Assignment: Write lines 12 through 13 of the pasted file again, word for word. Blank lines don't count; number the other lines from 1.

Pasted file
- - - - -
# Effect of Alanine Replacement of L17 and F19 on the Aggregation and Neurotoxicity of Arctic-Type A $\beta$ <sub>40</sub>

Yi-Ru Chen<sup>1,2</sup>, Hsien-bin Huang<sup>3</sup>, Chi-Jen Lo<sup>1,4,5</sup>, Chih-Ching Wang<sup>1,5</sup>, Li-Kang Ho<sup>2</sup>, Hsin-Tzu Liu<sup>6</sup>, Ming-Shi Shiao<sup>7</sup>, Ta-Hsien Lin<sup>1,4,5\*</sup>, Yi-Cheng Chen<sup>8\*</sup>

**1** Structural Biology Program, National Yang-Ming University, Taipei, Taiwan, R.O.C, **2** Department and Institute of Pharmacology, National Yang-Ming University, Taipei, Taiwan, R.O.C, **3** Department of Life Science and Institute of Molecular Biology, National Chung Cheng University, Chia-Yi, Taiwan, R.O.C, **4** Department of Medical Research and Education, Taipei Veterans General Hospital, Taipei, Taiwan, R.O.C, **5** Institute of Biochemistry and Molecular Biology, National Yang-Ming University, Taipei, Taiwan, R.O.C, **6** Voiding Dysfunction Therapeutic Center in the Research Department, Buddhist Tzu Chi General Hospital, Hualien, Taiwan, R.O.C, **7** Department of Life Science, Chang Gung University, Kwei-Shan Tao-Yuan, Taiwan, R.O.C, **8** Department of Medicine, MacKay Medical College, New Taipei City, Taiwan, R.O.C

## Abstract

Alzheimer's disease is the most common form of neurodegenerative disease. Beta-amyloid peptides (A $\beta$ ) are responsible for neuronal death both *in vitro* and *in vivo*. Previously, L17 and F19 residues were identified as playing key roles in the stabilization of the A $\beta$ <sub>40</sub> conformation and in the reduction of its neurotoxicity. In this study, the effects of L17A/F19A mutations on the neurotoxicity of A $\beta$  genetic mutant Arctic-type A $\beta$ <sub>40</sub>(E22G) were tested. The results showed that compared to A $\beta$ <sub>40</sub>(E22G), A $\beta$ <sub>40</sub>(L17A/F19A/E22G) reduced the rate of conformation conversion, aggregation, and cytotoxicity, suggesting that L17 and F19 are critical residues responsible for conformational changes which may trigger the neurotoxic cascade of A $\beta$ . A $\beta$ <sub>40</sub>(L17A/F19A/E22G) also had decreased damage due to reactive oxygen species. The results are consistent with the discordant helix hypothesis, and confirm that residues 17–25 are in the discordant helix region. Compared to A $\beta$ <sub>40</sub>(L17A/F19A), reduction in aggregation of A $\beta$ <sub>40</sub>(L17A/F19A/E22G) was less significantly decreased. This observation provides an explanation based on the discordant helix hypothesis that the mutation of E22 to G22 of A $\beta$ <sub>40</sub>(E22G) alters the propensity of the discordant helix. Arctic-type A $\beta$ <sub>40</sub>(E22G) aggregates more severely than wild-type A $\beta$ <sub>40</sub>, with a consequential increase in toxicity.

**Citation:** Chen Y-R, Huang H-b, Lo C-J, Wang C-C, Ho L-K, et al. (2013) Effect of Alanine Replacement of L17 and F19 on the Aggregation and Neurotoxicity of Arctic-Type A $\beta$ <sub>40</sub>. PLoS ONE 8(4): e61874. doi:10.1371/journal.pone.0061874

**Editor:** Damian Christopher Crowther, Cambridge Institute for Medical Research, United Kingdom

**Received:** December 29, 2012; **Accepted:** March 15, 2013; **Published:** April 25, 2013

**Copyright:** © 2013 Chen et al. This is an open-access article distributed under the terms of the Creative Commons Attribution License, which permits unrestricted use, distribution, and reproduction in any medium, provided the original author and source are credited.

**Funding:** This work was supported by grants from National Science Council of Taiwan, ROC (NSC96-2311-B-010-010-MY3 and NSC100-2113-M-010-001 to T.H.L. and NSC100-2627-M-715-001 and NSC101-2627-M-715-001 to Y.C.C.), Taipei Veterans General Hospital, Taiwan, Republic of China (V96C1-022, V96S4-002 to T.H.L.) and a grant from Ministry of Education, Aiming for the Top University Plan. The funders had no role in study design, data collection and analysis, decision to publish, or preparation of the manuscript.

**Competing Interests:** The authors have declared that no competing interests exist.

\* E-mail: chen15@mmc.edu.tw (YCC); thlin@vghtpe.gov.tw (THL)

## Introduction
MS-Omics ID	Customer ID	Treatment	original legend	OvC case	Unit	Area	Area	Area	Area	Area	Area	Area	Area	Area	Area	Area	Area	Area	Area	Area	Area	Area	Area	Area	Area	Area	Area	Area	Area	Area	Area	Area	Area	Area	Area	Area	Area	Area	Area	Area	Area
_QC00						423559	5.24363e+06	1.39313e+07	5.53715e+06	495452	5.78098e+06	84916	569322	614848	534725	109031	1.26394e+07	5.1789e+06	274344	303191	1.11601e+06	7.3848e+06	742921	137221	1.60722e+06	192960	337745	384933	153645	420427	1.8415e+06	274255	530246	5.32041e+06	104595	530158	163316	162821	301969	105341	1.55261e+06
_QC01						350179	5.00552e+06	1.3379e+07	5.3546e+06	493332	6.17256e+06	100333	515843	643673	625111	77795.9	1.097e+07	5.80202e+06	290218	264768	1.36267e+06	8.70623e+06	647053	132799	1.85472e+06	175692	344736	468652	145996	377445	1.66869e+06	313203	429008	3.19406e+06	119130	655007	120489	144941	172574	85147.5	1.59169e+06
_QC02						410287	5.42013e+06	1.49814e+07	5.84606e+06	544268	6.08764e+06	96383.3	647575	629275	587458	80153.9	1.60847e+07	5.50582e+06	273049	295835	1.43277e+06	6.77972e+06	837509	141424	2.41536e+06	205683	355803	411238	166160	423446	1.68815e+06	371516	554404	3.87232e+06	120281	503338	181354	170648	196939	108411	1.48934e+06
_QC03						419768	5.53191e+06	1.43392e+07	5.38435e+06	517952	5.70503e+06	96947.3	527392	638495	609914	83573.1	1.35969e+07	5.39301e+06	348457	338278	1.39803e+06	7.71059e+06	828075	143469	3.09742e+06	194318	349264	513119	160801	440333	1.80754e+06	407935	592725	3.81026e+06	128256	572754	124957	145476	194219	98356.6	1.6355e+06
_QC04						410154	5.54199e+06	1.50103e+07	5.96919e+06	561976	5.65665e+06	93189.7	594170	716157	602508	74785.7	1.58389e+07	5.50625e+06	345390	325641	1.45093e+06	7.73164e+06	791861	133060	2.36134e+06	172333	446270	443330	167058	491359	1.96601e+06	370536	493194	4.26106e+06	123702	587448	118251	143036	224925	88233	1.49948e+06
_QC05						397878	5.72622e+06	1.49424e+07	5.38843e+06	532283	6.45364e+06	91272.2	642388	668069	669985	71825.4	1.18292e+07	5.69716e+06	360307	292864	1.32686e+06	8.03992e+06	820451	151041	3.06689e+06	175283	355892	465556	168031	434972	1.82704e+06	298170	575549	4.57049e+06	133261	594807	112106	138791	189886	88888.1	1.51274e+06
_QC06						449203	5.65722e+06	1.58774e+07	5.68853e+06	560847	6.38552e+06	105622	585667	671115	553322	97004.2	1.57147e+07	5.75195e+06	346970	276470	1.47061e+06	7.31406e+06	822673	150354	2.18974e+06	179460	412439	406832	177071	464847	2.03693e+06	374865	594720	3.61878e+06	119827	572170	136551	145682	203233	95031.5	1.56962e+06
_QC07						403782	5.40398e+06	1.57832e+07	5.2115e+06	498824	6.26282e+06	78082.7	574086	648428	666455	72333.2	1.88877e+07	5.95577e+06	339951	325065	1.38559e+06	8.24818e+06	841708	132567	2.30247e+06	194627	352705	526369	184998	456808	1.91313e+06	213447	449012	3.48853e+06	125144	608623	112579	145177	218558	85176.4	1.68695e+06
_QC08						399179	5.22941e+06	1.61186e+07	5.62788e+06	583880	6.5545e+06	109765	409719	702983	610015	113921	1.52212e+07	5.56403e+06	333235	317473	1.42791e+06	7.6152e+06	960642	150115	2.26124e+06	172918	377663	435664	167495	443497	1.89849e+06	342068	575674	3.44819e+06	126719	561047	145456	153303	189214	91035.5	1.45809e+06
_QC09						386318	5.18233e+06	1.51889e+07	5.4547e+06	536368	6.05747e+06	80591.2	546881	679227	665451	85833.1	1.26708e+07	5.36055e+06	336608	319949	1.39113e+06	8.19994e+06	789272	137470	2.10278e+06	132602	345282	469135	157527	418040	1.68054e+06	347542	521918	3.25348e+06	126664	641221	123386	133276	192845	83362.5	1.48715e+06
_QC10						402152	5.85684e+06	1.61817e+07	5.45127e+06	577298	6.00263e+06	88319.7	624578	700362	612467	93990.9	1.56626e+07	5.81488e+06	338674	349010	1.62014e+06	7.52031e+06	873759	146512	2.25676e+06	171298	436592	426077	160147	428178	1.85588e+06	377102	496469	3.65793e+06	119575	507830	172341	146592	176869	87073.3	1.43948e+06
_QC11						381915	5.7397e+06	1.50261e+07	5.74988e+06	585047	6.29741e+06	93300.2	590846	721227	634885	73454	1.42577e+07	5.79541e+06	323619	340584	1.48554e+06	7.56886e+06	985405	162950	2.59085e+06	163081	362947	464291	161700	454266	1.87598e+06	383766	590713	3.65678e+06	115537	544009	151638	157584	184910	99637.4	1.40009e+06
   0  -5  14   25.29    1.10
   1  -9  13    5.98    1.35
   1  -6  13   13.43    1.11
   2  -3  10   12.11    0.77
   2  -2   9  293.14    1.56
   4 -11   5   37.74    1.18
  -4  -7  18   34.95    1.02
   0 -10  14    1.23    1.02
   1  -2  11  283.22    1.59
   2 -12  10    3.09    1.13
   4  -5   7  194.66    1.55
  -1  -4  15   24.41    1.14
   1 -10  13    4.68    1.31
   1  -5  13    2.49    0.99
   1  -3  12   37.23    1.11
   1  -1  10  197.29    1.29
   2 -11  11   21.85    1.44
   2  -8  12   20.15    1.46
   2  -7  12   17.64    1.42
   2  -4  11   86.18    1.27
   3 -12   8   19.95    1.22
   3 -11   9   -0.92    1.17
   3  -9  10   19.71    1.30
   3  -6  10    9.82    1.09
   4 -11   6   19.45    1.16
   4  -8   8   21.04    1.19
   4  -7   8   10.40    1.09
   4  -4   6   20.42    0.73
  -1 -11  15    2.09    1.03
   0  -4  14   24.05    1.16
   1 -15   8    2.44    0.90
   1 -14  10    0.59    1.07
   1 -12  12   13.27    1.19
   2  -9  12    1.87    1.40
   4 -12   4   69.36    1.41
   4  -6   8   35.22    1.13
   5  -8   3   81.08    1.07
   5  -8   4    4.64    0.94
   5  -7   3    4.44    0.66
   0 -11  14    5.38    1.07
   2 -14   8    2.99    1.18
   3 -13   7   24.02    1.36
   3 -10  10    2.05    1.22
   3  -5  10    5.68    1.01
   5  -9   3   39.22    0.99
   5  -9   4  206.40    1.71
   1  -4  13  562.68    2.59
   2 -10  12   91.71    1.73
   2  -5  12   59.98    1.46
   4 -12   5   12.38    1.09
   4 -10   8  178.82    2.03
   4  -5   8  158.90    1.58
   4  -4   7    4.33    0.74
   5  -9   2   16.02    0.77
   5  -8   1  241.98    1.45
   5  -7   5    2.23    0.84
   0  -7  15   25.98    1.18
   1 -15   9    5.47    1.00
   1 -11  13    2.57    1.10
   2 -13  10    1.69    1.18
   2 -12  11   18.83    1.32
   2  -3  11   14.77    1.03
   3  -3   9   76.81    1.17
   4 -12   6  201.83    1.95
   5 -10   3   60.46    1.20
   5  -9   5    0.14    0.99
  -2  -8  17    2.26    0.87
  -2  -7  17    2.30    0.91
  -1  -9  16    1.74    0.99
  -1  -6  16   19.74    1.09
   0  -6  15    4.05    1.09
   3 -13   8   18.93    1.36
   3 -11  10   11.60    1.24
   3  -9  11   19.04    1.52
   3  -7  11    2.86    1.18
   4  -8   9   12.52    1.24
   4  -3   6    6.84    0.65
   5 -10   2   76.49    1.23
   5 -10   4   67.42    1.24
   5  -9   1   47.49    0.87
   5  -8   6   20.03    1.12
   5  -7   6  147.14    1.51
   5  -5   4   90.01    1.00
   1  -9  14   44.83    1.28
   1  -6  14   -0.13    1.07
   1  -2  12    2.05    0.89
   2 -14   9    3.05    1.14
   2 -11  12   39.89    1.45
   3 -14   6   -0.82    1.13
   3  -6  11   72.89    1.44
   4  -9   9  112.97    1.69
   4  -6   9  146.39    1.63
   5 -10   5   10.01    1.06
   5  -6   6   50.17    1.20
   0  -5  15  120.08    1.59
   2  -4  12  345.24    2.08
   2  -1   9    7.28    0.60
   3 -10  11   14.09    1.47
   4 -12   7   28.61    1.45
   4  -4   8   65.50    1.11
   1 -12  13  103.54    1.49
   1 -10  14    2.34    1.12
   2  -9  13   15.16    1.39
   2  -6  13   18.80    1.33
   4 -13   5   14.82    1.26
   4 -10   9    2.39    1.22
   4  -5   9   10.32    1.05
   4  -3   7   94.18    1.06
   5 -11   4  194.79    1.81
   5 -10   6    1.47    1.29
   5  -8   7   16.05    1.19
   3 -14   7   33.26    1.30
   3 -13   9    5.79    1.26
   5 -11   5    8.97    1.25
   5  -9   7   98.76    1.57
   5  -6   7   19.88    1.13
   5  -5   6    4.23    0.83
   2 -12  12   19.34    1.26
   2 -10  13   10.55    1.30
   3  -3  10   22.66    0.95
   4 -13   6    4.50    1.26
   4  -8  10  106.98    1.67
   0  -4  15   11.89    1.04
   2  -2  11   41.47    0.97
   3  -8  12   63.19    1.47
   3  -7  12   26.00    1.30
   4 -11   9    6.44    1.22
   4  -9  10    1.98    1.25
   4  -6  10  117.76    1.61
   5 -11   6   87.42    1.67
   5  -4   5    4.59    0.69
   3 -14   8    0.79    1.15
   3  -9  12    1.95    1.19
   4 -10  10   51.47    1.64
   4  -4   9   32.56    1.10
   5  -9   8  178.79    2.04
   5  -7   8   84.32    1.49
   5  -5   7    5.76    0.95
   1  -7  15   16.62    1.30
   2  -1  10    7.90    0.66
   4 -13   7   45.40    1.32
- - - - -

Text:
\* E-mail: chen15@mmc.edu.tw (YCC); thlin@vghtpe.gov.tw (THL)

## Introduction